2.) Check out your hospital before the birth. Find out what their intervention rates are, what their c-section rates are, what their pre-birth and post-partum policies are. Is there an IBCLC on staff? How quickly can you have access to her? Basically, know what you're getting into and if you have a choice between hospitals, pick the one that best shares your philosophies of birth.
3.) If you plan on having medical pain relief, opt for the epidural instead of IV narcotics. While IV narcotics have the benefit of allowing you to be more mobile in labor, they carry greater risks for both you and your baby. If you do choose to have IV narcotics, find out which ones your doctor prefers to use and do your research on the possible side effects to you and the baby.
4.) Consider signing up for a natural childbirth class so that you can learn coping techniques. Even if you plan on having an epidural, the longer you can delay it, the less chance that you'll have the cascade of interventions and the less chance of harm coming to you or your baby. You may even find that the coping techniques work well enough that you don't want pain relief. Also, realize that 25% of epidurals do not give full pain relief...having some backup techniques can make that situation much more bearable.
5.) Refuse an IV until shortly before you get your epidural. Some women will labor for hours before they feel the need to have pain relief. While you do need to have your IV long enough to get some fluids before getting your epidural, you do NOT need to have it in for your entire early labor. In fact, having the IV in place can inhibit your mobility plus the longer it's in, the more fluids that will flood into your system. An overload of IV fluids can cause blood sugar issues for both you and your baby and can also cause edema which can significantly impact your breastfeeding abilities in the early days.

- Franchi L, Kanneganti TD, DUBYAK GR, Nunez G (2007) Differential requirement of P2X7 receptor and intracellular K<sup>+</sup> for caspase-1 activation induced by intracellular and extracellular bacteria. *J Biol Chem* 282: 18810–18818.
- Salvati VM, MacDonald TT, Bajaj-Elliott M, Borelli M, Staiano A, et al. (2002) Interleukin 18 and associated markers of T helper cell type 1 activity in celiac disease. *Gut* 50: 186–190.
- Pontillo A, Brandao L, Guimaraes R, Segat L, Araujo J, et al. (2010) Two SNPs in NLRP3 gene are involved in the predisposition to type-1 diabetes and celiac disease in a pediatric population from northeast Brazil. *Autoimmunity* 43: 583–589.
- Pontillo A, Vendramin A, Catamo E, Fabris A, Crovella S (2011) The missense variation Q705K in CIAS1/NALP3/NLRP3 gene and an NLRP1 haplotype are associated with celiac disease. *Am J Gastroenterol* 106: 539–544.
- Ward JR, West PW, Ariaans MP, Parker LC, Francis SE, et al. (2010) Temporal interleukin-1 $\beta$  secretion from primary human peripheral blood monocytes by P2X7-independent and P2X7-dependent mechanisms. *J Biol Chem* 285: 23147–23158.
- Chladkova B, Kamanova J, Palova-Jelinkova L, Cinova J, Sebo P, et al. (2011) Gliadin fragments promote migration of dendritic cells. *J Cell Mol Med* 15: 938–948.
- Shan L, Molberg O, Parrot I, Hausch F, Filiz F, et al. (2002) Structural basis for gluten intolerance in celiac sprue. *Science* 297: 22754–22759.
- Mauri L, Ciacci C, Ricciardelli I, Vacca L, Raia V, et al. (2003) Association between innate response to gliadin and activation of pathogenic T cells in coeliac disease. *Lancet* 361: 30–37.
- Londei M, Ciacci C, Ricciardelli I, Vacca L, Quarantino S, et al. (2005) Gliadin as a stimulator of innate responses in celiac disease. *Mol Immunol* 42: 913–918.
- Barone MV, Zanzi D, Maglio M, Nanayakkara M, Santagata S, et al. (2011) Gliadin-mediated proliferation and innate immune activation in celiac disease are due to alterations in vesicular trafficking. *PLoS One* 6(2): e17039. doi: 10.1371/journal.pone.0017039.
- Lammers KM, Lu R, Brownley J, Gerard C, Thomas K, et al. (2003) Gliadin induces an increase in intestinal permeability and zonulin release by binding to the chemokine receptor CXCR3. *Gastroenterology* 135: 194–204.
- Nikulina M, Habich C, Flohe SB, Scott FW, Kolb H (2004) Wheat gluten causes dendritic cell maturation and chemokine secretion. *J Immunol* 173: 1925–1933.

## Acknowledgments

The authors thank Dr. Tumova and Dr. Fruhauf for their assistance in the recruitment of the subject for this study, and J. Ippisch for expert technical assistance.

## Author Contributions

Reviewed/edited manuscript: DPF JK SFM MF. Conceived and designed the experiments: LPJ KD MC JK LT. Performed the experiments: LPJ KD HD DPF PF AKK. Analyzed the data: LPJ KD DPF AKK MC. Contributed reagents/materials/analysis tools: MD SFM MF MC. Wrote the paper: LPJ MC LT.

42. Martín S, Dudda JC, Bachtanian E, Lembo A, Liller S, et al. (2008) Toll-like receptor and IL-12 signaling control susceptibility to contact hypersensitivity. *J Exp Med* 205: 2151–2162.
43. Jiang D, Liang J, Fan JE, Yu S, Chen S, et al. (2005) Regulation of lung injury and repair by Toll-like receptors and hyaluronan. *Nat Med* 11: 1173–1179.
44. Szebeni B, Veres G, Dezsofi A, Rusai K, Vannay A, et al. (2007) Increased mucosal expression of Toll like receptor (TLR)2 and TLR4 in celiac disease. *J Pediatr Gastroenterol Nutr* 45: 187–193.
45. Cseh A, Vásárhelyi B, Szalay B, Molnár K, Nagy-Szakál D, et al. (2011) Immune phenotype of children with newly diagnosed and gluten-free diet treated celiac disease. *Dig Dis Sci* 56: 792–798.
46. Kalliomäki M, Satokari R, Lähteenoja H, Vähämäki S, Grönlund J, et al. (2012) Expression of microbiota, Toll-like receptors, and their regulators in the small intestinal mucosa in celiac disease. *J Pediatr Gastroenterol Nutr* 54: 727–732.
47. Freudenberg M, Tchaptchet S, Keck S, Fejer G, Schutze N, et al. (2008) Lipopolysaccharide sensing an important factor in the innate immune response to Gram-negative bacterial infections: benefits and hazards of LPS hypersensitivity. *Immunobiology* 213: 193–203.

6.) Avoid induction unless there is a medical reason for it. Inductions carry increased risks to both mother and baby and mothers need to be aware of when the risk of baby staying in is greater than of being induced. Suspected big baby, being between 40 and 42 weeks and your doctor going on vacation are NOT medical reasons for induction. ;) If you do get induced, ask for a "long" induction using cervical ripening agents and then the absolute lowest doses of pitocin. Avoid Cytotec inductions like the plague.
7.) Try to push in an upright or side-lying position. Even if you have an epidural, most women can be assisted into upright positions that take the pressure off of their tail bone and that keep them from pushing against gravity. Pushing on your back with your knees shoved into your chest not only closes the pelvic outlet by 30%, it also greatly increases your risk of having a bad tear.
8.) Avoid an episiotomy unless baby is in distress. Episiotomies are not only unnecessary in 99.9% of moms, they also greatly increase your risk of having a third or fourth degree tear. Read up on episiotimies and make sure that your health care provider is on the same page as you and rarely does them.
9.) Get a doula. There's a common misconception that doulas are only for moms that plan to have a natural birth. While it's true that most doulas really enjoy helping a mom achieve the goal of NCB, most doula have the primary concern of helping mom have a good birth. Be honest with your doula upfront about your desire to have medical pain relief and find one that you can work with that has experience supporting medicated mothers. (As a mom that had an epidural with my first after a failed NCB attempt, I can attest that a doula would have been VERY handy.)
There are more, but that's all I've got off the top of my head. I'd also love to hear any advice from c-section moms on how to have the best c-section experience possible. Not everyone can or wants to have a natural birth at home, that doesn't mean that they don't deserve to have the best shot at a good birth.
What advice do you have to add?
Labels: Childbirth Issues